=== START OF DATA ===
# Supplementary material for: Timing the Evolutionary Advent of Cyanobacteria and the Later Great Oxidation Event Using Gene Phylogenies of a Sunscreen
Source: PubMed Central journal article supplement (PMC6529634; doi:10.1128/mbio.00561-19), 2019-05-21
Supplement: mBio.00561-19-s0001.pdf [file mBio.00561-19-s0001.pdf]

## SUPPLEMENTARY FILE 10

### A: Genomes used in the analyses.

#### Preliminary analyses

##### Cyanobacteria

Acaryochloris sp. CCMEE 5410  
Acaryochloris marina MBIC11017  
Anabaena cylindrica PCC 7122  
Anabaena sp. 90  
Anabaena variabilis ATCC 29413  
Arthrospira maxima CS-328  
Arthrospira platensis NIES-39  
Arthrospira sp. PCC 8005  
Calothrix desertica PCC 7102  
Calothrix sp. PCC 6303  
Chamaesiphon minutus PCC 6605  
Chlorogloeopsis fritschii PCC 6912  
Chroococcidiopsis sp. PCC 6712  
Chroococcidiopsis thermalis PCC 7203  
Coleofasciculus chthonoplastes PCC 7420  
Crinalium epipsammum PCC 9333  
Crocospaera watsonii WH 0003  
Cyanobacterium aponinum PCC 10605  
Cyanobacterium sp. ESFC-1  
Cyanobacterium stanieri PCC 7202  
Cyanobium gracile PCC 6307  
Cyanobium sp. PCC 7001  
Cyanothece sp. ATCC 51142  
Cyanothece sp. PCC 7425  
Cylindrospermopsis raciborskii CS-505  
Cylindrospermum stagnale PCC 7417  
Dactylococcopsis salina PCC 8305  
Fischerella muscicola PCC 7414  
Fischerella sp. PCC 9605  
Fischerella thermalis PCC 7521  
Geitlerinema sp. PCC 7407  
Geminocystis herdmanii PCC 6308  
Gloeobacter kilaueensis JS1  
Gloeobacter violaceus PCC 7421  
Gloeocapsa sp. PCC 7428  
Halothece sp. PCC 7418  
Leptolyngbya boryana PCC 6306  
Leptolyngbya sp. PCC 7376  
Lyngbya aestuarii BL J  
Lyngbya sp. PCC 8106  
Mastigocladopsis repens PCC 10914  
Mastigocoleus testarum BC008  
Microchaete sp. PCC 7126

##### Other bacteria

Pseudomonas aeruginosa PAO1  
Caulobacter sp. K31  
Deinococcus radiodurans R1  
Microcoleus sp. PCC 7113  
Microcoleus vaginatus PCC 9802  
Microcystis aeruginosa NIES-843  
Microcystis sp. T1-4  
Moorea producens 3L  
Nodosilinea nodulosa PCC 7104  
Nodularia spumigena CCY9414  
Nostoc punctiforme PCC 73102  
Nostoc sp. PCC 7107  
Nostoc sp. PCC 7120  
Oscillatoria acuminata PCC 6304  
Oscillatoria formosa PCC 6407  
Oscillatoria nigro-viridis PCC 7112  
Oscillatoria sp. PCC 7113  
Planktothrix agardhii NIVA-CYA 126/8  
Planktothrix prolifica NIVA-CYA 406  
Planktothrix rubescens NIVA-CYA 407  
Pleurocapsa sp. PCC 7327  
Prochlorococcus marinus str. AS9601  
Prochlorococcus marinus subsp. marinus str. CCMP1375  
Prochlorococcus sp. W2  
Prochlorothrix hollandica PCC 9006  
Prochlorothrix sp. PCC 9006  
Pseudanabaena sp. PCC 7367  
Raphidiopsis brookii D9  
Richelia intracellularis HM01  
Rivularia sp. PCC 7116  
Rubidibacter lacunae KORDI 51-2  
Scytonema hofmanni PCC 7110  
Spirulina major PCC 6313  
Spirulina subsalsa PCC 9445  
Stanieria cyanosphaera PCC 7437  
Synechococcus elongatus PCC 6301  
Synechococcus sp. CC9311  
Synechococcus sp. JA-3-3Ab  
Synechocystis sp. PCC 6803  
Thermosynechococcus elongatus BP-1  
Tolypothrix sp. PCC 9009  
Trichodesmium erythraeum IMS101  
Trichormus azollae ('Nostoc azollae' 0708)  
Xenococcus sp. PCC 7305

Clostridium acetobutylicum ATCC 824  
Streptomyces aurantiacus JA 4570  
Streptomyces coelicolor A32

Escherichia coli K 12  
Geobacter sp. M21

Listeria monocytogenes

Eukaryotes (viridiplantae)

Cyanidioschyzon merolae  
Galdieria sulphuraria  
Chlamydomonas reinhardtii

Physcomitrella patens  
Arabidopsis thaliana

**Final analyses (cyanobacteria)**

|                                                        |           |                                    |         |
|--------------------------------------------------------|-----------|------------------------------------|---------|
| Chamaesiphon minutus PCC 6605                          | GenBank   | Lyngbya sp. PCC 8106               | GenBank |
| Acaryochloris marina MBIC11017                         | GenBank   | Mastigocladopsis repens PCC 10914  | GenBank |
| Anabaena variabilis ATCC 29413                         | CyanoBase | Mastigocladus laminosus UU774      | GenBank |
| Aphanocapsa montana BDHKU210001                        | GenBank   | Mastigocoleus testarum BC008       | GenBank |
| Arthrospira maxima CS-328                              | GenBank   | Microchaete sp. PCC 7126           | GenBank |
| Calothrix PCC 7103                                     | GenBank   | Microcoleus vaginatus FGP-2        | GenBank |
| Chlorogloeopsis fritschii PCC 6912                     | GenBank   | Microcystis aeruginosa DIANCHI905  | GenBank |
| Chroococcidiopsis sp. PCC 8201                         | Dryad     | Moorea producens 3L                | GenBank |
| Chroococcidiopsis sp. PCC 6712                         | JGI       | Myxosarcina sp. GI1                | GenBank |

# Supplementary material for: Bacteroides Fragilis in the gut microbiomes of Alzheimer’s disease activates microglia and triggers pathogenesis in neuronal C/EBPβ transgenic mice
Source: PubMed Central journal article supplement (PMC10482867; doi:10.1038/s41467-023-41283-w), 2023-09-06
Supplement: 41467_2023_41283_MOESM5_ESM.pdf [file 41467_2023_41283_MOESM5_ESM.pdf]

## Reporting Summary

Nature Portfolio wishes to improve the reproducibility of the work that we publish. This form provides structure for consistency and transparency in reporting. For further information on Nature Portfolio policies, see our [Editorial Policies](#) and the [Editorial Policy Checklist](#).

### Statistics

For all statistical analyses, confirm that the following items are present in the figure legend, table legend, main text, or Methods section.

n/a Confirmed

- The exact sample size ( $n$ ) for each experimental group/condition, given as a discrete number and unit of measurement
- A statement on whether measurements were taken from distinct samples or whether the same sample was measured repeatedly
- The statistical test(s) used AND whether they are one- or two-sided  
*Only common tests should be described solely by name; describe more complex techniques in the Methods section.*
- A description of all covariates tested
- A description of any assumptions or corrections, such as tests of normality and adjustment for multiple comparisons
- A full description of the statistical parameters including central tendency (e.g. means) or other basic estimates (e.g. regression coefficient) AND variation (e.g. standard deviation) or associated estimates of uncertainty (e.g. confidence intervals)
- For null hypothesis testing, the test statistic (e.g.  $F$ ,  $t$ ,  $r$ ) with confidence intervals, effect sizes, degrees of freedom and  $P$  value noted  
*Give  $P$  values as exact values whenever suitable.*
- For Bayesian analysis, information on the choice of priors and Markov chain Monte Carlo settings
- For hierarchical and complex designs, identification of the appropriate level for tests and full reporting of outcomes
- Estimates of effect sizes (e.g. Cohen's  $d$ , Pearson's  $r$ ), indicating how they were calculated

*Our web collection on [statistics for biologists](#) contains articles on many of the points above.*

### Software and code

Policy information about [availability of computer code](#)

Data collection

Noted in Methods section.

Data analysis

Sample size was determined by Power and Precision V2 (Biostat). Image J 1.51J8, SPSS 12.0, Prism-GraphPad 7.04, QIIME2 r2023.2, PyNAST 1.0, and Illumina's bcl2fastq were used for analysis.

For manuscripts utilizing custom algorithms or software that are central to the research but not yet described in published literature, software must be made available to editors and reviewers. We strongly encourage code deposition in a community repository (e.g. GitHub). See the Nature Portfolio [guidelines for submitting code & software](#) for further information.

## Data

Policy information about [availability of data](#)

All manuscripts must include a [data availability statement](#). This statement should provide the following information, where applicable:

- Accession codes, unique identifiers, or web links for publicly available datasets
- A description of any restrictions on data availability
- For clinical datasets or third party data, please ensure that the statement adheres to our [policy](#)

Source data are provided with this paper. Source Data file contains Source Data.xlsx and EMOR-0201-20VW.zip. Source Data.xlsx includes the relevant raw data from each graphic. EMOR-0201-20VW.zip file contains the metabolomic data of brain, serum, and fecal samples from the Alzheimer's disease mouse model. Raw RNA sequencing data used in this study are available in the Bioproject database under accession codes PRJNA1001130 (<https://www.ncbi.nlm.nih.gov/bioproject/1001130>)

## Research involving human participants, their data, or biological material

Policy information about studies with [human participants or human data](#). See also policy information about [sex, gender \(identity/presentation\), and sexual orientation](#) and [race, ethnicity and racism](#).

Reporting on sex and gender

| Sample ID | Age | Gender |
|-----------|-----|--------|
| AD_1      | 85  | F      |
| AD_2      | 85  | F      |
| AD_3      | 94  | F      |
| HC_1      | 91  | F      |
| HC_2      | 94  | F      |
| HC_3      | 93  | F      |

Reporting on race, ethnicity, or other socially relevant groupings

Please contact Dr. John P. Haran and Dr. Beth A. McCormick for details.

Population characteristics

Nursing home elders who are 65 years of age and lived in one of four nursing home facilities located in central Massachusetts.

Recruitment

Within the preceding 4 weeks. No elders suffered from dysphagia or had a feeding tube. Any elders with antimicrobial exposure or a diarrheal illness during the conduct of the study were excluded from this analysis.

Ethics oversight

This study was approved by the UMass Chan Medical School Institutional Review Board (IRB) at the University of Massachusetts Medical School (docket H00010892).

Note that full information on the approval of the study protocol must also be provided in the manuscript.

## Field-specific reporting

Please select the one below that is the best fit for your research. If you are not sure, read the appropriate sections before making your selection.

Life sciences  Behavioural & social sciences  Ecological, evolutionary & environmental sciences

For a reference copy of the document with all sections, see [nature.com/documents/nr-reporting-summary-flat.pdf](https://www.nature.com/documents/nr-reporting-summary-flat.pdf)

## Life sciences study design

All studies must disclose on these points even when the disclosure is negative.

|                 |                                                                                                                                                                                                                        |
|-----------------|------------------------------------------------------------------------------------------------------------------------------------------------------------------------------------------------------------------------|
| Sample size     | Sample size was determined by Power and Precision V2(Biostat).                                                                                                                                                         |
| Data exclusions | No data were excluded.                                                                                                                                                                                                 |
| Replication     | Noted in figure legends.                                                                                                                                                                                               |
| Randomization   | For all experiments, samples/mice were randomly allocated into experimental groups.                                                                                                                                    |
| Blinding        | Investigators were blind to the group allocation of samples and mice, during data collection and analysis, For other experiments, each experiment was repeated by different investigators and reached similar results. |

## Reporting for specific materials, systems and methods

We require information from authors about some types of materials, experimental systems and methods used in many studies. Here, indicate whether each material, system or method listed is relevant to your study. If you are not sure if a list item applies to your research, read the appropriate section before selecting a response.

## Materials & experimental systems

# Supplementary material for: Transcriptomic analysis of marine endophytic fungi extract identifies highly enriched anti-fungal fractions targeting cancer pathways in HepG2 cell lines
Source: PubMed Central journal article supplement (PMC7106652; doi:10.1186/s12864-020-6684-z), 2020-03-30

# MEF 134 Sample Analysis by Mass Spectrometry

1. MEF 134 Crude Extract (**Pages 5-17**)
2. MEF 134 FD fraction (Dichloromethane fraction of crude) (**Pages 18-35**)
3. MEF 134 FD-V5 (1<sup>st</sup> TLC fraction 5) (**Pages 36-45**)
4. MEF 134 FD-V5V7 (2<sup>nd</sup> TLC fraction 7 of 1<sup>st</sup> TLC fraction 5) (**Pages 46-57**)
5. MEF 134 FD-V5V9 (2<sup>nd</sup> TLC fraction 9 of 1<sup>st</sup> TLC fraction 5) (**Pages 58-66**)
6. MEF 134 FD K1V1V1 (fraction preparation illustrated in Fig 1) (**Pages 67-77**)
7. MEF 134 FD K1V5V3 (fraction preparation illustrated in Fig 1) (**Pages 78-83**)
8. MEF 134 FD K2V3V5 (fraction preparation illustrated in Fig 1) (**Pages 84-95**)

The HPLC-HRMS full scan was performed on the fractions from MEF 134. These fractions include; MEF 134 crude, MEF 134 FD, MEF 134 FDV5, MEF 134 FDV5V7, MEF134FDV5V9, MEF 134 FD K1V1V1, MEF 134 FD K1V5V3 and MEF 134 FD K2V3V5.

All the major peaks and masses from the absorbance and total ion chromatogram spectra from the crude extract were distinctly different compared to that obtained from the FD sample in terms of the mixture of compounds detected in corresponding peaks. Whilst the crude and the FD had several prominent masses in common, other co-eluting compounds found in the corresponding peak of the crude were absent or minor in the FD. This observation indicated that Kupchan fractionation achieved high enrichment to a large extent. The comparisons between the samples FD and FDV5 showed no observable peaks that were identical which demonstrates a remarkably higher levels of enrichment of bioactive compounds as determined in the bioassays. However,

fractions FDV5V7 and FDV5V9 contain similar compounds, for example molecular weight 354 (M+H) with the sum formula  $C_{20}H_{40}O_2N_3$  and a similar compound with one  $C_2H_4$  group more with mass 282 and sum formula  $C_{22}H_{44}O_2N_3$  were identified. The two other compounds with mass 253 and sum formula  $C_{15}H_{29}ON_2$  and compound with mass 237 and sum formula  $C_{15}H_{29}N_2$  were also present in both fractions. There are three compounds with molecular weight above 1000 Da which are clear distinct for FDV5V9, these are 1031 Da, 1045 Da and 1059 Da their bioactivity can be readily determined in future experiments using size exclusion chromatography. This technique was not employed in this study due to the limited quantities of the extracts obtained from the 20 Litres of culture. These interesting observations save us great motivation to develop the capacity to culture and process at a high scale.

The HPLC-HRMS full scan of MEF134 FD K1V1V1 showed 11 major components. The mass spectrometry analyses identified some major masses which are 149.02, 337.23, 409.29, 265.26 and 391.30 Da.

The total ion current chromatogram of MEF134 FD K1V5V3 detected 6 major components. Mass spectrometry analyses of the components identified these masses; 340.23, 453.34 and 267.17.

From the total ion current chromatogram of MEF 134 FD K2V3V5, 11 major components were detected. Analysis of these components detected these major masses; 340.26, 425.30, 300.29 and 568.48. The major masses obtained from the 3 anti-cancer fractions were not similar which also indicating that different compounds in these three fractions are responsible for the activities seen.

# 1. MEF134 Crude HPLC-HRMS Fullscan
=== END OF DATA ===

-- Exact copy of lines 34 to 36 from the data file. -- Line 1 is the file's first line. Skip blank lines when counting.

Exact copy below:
Dactylococcopsis salina PCC 8305  
Fischerella muscicola PCC 7414  
Fischerella sp. PCC 9605  